I don't think there's much Krylon makes that I haven't tried at one time or
another, and they all seem to work well. As for which primer to use on
plastic (assuming you're referring to styrene), any of them I believe.
The only real considerations are color of the next coat, and whether or
not it needs to be sandable. I've used the one-coat metallics and the base
coat/clear coat system with good success. Hope that helps.
I agree. I usually use the grey primer, but there is a red oxide
primer I use if the major color is red.
The grey is a little thicker- lots of body- and really covers
scratches and dents fast. I have never had a problem with either of
these on plastic.
I have had great success with Krylon Fusion series; it really bonds well
with plastic and resin.
I used the black as a primer on one model, painted the interior green
over it. When I scraped the joining surface for using liquid glue, the
interior green came off in the first swipe of the scalpel. The Fusion
black underneath took a whole bunch of swipes before it came off. I was
very impressed at how it bonded with a fairly thin application.
Used to use their clearcoat on some models but ran into a problem with
it being too hot for most Testors finishes, now I use Testors clear
lacquer finishes. I do use Krylon Bronze, Brass and Gold for modeling
and love the finishes I get with them. Haven't tried their different
Want a great silver, get Testor's Chrome spray.
You have to let it dry for a day or so, but once you get the hang of
using it right, you can get a finish you can see yourself reflected in.
I used that on my 1/48th scale LK Soviet Moon lander, and some who saw
the pictures of it thought it was made out of metal.
I use mostly 'Painter's Touch' (Rustoleum brand) and American
Tradition (Valspar brand) 'rattle-can' primers, which are generally
fairly good. For some reason Krlyon spray-cans seem not to be carried
much by the Big Boxes around here (Home Deport in my NY neighborhood
seems to be almost exclusively Rustoleum).
OK, I have to ask, what is the 'hang of using it right', besides the
usual rattle-can caveats (spray at distance recommended by mfr in
smooth even pass starting spray before the model and ending after the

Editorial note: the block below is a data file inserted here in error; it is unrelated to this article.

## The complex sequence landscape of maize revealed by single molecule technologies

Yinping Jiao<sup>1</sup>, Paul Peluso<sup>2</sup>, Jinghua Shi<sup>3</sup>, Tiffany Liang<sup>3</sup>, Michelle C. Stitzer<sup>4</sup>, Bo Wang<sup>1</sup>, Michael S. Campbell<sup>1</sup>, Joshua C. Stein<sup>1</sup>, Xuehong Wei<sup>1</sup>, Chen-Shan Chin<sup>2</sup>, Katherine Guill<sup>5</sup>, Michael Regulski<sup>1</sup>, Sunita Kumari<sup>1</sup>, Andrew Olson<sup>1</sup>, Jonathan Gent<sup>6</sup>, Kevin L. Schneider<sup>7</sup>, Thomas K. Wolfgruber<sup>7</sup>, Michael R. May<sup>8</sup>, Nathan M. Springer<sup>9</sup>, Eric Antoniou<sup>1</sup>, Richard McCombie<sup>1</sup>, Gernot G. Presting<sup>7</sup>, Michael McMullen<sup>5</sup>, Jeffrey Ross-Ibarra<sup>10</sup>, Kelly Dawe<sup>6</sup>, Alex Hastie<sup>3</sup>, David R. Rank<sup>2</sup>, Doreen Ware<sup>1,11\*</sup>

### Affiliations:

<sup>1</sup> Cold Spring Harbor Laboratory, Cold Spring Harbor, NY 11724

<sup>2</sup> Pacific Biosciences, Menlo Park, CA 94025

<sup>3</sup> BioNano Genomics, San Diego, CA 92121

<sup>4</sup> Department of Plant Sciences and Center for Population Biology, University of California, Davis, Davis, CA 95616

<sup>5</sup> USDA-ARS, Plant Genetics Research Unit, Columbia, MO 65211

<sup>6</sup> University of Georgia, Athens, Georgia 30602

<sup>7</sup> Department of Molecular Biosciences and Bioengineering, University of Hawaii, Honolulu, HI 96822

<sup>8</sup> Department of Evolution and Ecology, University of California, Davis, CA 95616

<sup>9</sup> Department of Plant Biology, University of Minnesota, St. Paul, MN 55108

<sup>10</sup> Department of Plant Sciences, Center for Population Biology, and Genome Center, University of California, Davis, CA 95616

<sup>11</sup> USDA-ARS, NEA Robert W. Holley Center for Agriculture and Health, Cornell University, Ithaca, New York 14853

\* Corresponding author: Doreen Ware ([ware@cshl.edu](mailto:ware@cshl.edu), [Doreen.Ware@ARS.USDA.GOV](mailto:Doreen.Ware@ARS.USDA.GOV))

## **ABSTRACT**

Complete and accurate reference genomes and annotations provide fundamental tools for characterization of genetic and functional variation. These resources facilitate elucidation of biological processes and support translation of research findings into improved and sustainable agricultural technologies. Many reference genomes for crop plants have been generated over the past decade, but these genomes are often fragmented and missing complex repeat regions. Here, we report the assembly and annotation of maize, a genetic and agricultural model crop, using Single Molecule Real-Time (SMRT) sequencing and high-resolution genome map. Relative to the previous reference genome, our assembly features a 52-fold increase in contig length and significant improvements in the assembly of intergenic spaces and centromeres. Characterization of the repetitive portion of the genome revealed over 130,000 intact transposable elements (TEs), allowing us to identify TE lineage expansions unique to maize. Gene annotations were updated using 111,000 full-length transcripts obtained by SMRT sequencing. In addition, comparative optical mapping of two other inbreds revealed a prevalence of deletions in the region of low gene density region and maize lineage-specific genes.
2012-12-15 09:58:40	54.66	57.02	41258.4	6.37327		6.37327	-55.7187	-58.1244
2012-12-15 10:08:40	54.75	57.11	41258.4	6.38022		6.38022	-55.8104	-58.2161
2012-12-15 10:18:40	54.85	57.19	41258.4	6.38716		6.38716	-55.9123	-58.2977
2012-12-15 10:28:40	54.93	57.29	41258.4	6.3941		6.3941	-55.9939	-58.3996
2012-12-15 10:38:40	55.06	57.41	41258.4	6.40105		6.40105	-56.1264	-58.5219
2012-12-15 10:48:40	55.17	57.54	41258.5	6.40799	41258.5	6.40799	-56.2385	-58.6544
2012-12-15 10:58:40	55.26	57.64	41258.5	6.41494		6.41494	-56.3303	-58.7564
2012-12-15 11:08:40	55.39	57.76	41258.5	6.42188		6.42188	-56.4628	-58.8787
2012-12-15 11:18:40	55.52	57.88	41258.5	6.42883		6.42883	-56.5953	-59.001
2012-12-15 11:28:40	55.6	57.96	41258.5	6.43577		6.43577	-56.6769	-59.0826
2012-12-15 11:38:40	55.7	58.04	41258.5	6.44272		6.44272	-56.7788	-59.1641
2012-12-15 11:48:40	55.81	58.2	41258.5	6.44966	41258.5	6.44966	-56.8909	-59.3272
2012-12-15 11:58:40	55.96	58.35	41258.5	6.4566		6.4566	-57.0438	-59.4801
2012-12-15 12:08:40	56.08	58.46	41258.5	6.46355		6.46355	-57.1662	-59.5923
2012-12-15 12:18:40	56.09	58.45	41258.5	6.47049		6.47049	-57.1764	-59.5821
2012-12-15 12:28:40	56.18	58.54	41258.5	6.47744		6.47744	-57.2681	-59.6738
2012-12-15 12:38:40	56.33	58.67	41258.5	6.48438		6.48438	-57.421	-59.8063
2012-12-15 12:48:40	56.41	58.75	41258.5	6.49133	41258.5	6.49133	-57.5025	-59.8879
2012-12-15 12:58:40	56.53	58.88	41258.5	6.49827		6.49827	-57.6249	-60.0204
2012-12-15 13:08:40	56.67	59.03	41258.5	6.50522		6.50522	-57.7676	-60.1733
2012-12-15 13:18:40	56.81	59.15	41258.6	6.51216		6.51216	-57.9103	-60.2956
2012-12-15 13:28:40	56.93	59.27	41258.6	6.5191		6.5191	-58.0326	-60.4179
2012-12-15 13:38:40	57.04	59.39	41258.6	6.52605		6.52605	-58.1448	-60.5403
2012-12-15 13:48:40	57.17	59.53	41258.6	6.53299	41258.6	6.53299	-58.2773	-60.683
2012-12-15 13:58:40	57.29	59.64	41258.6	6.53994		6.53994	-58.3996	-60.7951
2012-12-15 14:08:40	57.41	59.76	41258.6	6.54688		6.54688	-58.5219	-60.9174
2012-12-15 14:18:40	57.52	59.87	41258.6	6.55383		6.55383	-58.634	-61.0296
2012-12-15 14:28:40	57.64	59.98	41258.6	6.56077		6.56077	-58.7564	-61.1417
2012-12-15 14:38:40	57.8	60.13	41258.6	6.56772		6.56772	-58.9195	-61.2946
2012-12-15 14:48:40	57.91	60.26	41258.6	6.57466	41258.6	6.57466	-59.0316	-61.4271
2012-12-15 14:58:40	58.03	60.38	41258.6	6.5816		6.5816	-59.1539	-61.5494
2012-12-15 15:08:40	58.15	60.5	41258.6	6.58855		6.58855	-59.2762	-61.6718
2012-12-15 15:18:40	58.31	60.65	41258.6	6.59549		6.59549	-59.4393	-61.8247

model, and so on)?
Also, with the number of textured and special sprays coming out in the
past decade, how are people finding them for model applications (I
mean hammered finishes, speckled finishes, antiques, etc.)?
1.) Shake the can very thoroughly.
2.) It's best to do the paint job in one coat....this is the tricky
part; not thick enough and it won't dry into a smooth mirror-like
finish; too thick and it will run on the model. You need to get the
coating thick enough that the exterior of the model is "wet" with it,
but it's not running.
3.) Spray distance is very important, the carrier medium for the pigment
(I'm fairly sure it's some sort of aluminum or chromium in a extremely
fine form) is quite volatile...spray it too close and it will run; spray
it from too far away and it will get a dull and rough finish as it will
hit the model in a semi-dried form.
This stuff works differently from other silver paints; instead of drying
into a layer of transparent paint with the pigment embedded in it, the
metallic pigment "floats" on top of the paint layer (so if you spray it
on a sheet of Plexiglas, the outside will be shiny, but viewed through
the Plexiglas it will be dull).
4.) Let the paint dry thoroughly before handling the model; at least
twelve hours, preferably 24 hours.
I did these using the Testor's Chrome paint:
(the Voskhod later got a improved upper retro module, and the two long
whip antennas on top of the reentry module removed)
The finish on all three models hasn't lost its luster over the
intervening years, and I can see my reflection in the Vostok from where
I'm sitting as I write this.
I'm sure that they could have a lot of uses, particularly if one was
trying to replicate cast concrete or roughly cast armor plate.
I'm really surprised that no one has redone the old Hawk Model Company
chrome-plated model aircraft idea.
Other than the trouble with gluing the parts together, that really
worked well, particularly the two-toned ones.
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